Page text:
A Short History of the Trade of Plastic Waste

The trade of goods and services has dominated world economies for centuries. Yet what happens when institutional power initiates and controls an unequal distribution of materials? The export of plastic waste to low-income countries has become a reality along with the concern for plastic waste management when the leaders of the World Bank found it sensible to ‘‘correct an inefficient global balance in toxicity’’.

The idea of exporting plastic waste has been around for more than 30 years, yet only in 1989 the Basel Convention was created in order to control the ‘‘ international waste trade in response to cases of hazardous waste dumping in Africa, Asia and the Caribbean‘‘. This mission, unsatisfactorily fulfilled, ended in many developed countries continuing to dump their plastic waste in developing countries.

‘‘I think the economic logic behind dumping a load of toxic waste in the lowest-wage country is impeccable and we should face up to that. . . I’ve always thought that countries in Africa are vastly under polluted; their air quality is probably vastly inefficiently low compared to Los Angeles. . . Just between you and me, shouldn’t the World Bank be encouraging more migration of the dirty industries to the Least Developed Countries?’’

Lawrence Summers, confidential World Bank memo, December 12, 1991

Does that sound like a conceivable scenario in a world that pretends to share a commitment to ‘‘reducing poverty, increasing shared prosperity, and promoting sustainable development?’’ I’ll leave it to you to find a definite answer to that.

Which countries are the top importers and exporters of plastic scrap?

According to statistical data gathered for the year 2020, E.U. is the leading exporting union accounting for 30% of the global plastic waste exports, followed by Japan (12.4 %), the United States (9.33 %), Germany (7.45 %), China (5.98 %), and Mexico (5.09 %).

The top receiving countries of plastic scrap are the United States (10.8%), Malaysia (8.05%), Chinese Taipei (5.78%), Vietnam (5,59%), and Germany (5.03%). Austria also imported about 1.75% of the world’s traded plastic waste.

The leading countries with the highest waste mismanagement rates (> 5%) are listed to be Turkey, Malaysia, Vietnam, Thailand, Indonesia, India, and Hong Kong.   

What happens to plastic waste imports?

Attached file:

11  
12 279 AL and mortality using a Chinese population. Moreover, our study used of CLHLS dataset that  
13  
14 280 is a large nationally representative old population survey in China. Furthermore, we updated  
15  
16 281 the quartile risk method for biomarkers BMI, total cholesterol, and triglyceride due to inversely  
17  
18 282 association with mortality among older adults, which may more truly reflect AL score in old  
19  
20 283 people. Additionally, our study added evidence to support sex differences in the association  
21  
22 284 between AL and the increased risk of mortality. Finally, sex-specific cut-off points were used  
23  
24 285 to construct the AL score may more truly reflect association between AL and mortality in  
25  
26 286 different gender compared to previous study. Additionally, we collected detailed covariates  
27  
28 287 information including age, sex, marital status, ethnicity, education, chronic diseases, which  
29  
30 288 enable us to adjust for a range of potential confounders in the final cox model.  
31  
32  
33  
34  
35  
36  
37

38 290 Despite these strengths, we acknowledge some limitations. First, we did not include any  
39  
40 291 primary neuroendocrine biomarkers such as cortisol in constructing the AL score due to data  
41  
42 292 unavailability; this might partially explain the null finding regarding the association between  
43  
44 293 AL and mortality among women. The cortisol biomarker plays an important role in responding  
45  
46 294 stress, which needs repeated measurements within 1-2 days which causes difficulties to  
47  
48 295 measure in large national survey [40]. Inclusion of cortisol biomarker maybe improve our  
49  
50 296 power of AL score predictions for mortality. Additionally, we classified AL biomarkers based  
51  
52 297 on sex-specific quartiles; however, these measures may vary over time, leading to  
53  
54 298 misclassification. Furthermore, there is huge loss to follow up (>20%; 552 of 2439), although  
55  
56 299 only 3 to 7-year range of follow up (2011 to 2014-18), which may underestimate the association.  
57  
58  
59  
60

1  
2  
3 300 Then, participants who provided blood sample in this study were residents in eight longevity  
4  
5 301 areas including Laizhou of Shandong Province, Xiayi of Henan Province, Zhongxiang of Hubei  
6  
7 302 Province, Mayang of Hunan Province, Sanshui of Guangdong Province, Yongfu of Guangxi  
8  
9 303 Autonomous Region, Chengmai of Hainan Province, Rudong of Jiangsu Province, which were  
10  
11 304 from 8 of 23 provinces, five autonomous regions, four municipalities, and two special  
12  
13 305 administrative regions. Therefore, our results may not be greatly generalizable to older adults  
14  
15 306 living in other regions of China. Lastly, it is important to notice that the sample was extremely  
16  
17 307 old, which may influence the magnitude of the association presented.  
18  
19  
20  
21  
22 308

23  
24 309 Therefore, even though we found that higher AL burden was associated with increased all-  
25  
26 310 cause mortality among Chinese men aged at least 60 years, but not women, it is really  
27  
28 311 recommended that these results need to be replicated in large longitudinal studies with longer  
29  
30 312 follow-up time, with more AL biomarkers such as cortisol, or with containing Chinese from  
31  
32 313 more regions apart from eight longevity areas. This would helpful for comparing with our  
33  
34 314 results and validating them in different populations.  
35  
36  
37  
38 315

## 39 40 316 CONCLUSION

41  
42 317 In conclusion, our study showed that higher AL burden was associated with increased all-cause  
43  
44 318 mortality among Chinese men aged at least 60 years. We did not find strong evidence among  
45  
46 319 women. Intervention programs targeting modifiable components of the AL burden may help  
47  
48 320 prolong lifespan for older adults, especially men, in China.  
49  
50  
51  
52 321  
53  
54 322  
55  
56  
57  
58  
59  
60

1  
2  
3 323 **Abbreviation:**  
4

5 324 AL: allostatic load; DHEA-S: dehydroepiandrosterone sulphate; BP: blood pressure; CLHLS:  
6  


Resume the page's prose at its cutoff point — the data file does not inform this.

Out of the 7 types of plastic, only 2 of them can get recycled, i.e., polyethylene and polystyrene, also known as #1 and #2 plastics respectively. The rest of the plastic waste often ends up in landfills, being incinerated in violation of local laws, or in the ocean. This is due to not sufficiently recyclable plastic, food-contaminated and mixed materials being thrown away. On top of this, a study that measured the ‘Production, use, and the fate of all plastics ever made’ found that by 2015 only 9% of the 83 million metric tons of plastic ever produced globally has been recycled, while 79% has ended up in landfills and 12% incinerated.

China, being one of the main importers of plastic waste until 2017 when it decided to ban the imports and instead focus on domestic waste management and recycling, forced countries such as the US to redirect their waste exports to other Asian countries such as Malaysia, Thailand, and Taiwan. These developing countries have ever since been facing overwhelming quantities of plastic that slowed down their already poor domestic waste management.

These nations have recently risen to protests against the further import of plastic waste. The cause of problems is not the clean plastic that can be crushed into pellets and resold to manufacturers, mostly in China for further production, but the impure forms of plastic such as ‘‘soiled food packaging, tinted bottles, single-use plastic bags’’ that manufacturers refuse to accept and that ‘‘requires too much processing to be recycled cheaply and cleanly.’’